In the simulation, three sowing dates namely early sowing date (SSD − 15 days), standard sowing date (SSD) and late sowing date (SSD + 15 days) and two water regime (1) rainfed (no irrigation) and (2) supplementary irrigated were evaluated individually and in combination as climate adaptive measures for common bean at two agroecologies in northeastern Ethiopia (Sirinka and Chefa) for the baseline period (1981–2010) and for future climates in 2030s and 2050s under RCP4.5and RCP8.5 scenarios. The irrigated treatment received three irrigations of 100 mm each was applied in 10 days interval starting the flower initiation stage of the crop. The amount and time of irrigation is estimated based on the water requirement of the crop. Results showed that early sowing (SSD − 15 days) under rainfed condition significantly increased mean grain yield of the cultivar by 27%, 20% and 17% for the baseline period, 2030s and 2050s time periods, respectively under both RCPs (Table 4). On the other hand, early sowing under irrigated condition produced the highest increase in mean grain yield by about 89%, 71% and 56% for the respective time periods under both RCP. Late sowing date (SSD + 15) under l irrigated condition increased grain yield by 17%, 27% and 18% for the respective time periods. In contrast, late sowing under rainfed condition decreased grain yield by 24%, 19% and 19% for the respective time periods. The impacts of sowing dates and supplemental irrigation on grain yield of common bean showed similar trend at Chefa site in the present as well as in future climate conditions (Table 5). It can be generalized that early sowing of common bean significantly increased grain yield under both irrigated and rainfed conditions across time periods, climate scenarios and sites although the highest yield response was from the irrigated treatment. The result also showed that the cumulative effect of supplemental irrigation on grain yield was highly significant as compared to the rainfed condition across all the time periods and sites (Fig. 4 and Fig. 5). Hence, we concluded that early sowing of common bean (SSD-15) combined with supplemental irrigation may significantly increase grain yield across the time periods. The significant increase in grain yield under supplemental irrigation may be due to improvement in available soil moisture during the crop critical growth stages of the cultivar (flowering and grain filling stages) that reduced the effect of terminal water deficit on the crop.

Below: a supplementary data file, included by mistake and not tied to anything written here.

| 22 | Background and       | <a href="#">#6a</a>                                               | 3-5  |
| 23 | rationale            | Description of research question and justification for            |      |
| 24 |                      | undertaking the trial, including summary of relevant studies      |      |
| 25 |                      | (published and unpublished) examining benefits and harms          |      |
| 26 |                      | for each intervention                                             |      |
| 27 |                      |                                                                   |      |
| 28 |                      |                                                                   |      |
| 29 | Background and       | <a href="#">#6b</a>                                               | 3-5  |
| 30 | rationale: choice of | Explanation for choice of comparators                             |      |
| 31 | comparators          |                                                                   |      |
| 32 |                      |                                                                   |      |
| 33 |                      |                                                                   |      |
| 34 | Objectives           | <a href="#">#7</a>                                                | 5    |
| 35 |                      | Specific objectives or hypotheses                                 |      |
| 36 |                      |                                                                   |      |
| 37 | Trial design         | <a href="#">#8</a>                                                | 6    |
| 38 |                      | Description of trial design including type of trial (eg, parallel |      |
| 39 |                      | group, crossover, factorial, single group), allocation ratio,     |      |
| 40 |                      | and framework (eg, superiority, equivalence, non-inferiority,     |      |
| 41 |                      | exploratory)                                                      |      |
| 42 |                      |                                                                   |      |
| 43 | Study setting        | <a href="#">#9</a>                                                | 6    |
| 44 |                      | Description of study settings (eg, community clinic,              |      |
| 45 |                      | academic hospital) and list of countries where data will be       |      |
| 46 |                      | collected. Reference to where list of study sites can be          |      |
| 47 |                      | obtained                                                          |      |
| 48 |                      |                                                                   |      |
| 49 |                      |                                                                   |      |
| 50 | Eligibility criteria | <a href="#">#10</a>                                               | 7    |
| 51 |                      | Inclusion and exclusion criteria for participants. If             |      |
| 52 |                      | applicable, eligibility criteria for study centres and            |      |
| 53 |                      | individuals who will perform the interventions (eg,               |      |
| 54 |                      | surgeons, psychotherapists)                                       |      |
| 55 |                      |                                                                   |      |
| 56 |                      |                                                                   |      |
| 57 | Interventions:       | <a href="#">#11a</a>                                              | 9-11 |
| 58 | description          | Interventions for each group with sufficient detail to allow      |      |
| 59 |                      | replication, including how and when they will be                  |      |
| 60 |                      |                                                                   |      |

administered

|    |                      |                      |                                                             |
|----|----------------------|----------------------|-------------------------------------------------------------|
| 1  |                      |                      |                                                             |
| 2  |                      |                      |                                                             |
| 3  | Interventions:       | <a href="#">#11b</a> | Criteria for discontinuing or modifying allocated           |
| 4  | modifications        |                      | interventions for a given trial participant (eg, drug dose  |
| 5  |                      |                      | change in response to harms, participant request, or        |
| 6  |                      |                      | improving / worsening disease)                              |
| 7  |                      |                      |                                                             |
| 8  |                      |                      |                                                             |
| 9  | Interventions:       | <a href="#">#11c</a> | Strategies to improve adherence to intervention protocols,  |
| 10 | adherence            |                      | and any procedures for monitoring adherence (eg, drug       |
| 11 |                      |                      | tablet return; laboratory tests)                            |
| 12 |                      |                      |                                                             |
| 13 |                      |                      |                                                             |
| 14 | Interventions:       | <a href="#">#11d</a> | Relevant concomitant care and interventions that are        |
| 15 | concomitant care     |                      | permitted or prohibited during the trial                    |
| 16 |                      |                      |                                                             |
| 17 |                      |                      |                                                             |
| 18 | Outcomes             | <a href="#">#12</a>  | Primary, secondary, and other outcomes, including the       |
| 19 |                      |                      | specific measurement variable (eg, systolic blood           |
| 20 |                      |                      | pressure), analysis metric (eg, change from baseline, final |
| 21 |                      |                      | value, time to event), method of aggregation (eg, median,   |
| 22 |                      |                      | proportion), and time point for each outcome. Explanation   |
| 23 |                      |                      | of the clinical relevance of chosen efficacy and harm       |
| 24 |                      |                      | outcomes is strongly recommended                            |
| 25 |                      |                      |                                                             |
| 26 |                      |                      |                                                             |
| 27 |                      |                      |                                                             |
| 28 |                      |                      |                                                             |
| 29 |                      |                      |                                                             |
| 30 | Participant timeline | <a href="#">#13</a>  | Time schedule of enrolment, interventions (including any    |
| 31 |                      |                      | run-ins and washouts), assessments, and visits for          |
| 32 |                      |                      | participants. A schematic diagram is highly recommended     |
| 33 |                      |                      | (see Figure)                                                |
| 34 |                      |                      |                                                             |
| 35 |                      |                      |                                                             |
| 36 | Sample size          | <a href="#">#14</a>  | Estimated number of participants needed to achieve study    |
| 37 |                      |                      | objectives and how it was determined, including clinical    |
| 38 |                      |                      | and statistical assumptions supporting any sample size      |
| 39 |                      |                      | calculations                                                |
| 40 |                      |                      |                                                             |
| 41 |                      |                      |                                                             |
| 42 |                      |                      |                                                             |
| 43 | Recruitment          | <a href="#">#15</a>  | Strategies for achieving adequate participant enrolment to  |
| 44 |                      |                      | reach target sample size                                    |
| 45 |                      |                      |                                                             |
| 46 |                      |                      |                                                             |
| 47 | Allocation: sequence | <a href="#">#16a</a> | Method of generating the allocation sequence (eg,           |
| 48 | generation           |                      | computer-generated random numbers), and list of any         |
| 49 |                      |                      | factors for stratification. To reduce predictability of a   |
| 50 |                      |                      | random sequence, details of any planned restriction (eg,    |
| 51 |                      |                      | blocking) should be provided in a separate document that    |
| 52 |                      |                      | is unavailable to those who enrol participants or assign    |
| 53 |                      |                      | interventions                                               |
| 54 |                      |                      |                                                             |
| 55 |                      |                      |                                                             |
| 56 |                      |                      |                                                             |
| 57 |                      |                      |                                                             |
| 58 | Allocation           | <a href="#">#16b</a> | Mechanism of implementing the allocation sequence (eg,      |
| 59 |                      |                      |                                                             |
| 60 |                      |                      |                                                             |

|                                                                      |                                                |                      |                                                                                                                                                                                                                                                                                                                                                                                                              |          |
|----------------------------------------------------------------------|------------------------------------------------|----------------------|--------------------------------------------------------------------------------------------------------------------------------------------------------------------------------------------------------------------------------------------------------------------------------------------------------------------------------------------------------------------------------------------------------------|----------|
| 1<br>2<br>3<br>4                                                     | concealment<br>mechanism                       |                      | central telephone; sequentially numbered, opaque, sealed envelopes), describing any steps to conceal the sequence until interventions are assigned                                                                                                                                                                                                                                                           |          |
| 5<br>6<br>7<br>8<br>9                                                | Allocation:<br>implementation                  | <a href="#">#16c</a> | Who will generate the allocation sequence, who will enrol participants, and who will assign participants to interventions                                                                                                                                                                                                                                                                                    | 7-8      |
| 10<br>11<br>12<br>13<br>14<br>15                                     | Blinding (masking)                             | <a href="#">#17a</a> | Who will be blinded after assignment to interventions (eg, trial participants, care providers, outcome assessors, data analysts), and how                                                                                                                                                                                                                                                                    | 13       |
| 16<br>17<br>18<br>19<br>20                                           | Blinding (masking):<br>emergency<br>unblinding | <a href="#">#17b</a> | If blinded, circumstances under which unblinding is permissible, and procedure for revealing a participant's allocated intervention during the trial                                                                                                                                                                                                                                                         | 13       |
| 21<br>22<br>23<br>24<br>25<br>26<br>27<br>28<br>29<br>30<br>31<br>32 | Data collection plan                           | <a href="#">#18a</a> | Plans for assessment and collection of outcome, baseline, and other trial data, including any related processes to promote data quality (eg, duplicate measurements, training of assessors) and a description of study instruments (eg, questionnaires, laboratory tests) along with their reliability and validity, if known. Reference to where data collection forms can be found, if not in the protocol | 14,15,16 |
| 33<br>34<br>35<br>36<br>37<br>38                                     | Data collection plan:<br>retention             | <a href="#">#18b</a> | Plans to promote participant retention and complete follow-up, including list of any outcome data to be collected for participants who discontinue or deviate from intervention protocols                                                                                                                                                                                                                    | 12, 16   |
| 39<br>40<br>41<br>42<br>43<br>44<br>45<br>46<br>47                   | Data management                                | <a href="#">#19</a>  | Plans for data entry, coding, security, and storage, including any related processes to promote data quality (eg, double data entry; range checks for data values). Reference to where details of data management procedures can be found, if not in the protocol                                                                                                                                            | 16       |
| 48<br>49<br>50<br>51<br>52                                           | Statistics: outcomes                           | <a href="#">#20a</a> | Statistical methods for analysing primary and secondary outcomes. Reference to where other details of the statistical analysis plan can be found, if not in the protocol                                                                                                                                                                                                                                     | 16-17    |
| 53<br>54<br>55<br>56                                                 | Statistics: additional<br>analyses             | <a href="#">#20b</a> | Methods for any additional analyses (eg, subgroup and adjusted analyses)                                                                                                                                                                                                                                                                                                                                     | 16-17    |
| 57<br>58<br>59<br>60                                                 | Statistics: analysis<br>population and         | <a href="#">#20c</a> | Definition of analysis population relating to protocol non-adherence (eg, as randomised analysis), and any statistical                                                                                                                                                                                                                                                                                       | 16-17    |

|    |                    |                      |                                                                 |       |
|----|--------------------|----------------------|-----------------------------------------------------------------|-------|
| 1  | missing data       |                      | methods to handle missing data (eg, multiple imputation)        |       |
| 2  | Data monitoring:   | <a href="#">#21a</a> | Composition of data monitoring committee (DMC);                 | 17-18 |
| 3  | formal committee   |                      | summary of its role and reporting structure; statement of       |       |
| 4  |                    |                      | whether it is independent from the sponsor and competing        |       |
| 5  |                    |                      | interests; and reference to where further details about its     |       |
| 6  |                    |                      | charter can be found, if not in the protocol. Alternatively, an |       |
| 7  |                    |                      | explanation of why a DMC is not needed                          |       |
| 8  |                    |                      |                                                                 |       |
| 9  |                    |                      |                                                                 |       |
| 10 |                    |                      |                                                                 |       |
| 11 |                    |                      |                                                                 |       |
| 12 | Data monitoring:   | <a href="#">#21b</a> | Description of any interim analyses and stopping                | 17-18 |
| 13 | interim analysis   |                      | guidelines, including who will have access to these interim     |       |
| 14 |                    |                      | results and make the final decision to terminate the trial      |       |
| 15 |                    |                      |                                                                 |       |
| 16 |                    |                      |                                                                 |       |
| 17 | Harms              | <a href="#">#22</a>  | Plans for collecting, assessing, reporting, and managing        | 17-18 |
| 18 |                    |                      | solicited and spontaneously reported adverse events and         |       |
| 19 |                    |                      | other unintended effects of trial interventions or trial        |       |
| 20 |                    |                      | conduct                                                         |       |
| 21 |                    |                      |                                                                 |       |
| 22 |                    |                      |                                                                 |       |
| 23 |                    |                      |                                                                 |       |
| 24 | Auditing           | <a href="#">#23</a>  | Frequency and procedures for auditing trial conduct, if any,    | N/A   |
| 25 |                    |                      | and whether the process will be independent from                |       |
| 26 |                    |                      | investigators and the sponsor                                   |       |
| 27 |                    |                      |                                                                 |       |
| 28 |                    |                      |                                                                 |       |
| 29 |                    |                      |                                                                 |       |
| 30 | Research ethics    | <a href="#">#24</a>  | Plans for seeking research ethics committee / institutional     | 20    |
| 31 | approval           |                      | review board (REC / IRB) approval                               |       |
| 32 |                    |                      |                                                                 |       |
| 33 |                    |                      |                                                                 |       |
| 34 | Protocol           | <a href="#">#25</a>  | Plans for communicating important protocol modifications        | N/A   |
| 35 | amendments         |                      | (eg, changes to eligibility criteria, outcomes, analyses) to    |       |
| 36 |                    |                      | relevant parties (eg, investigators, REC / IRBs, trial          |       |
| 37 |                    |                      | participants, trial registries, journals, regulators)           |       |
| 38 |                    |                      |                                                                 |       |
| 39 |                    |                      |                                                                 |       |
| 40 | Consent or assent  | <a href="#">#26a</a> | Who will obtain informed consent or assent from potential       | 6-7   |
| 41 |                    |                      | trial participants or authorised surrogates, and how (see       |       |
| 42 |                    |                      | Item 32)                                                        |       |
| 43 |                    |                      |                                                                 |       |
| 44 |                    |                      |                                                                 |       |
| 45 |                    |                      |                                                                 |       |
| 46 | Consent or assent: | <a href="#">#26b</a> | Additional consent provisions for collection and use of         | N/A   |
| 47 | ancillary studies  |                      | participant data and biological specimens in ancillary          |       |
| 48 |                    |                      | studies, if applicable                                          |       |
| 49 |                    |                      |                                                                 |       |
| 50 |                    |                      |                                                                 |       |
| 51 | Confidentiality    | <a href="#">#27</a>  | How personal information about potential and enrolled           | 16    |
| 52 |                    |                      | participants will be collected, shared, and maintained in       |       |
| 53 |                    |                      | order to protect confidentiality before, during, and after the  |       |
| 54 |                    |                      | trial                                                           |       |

Currently, water harvesting structures are widely practiced and utilized under the government interventions programme. Hence, farmers have the opportunity to apply supplemental irrigation for selected crops grown in the area. Terminal moisture deficit (drought) is common phenomenon in the semi-arid region of Ethiopia. The application of irrigation water during the flowering initiation stage of common bean may lead to significant increase in grain yield of in the present and future climate conditions of the study region. The result of this study showed that for many semi-arid areas in Ethiopia where drought is major crop production constraint, the application of supplemental irrigation at critical growth stages of common bean (flowering and grain filling stages) may significantly improve grain yield. Nayyar et al. (2006) reported that water shortage at chickpea generative stages prevents yield potential through flowers and pods shedding. Excellent responses to supplemental irrigation have been also reported by Rockström et al. (2007). Better responses from supplemental irrigation could be attained when the irrigation is applied at the critical time of the crop growth stages (flowering, grain yield including pod setting). In conclusion, supplemental irrigation may be used to alleviate soil water stress/drought which is major crop production constraint in most semi-arid areas. In agreement with this result, excellent response to supplemental irrigation on chickpea was reported by Adem et al (2016). As rainfall in the region is highly erratic and unpredictable, supplemental irrigation may be one of the most effective options to alleviate problem of terminal drought stress on common bean.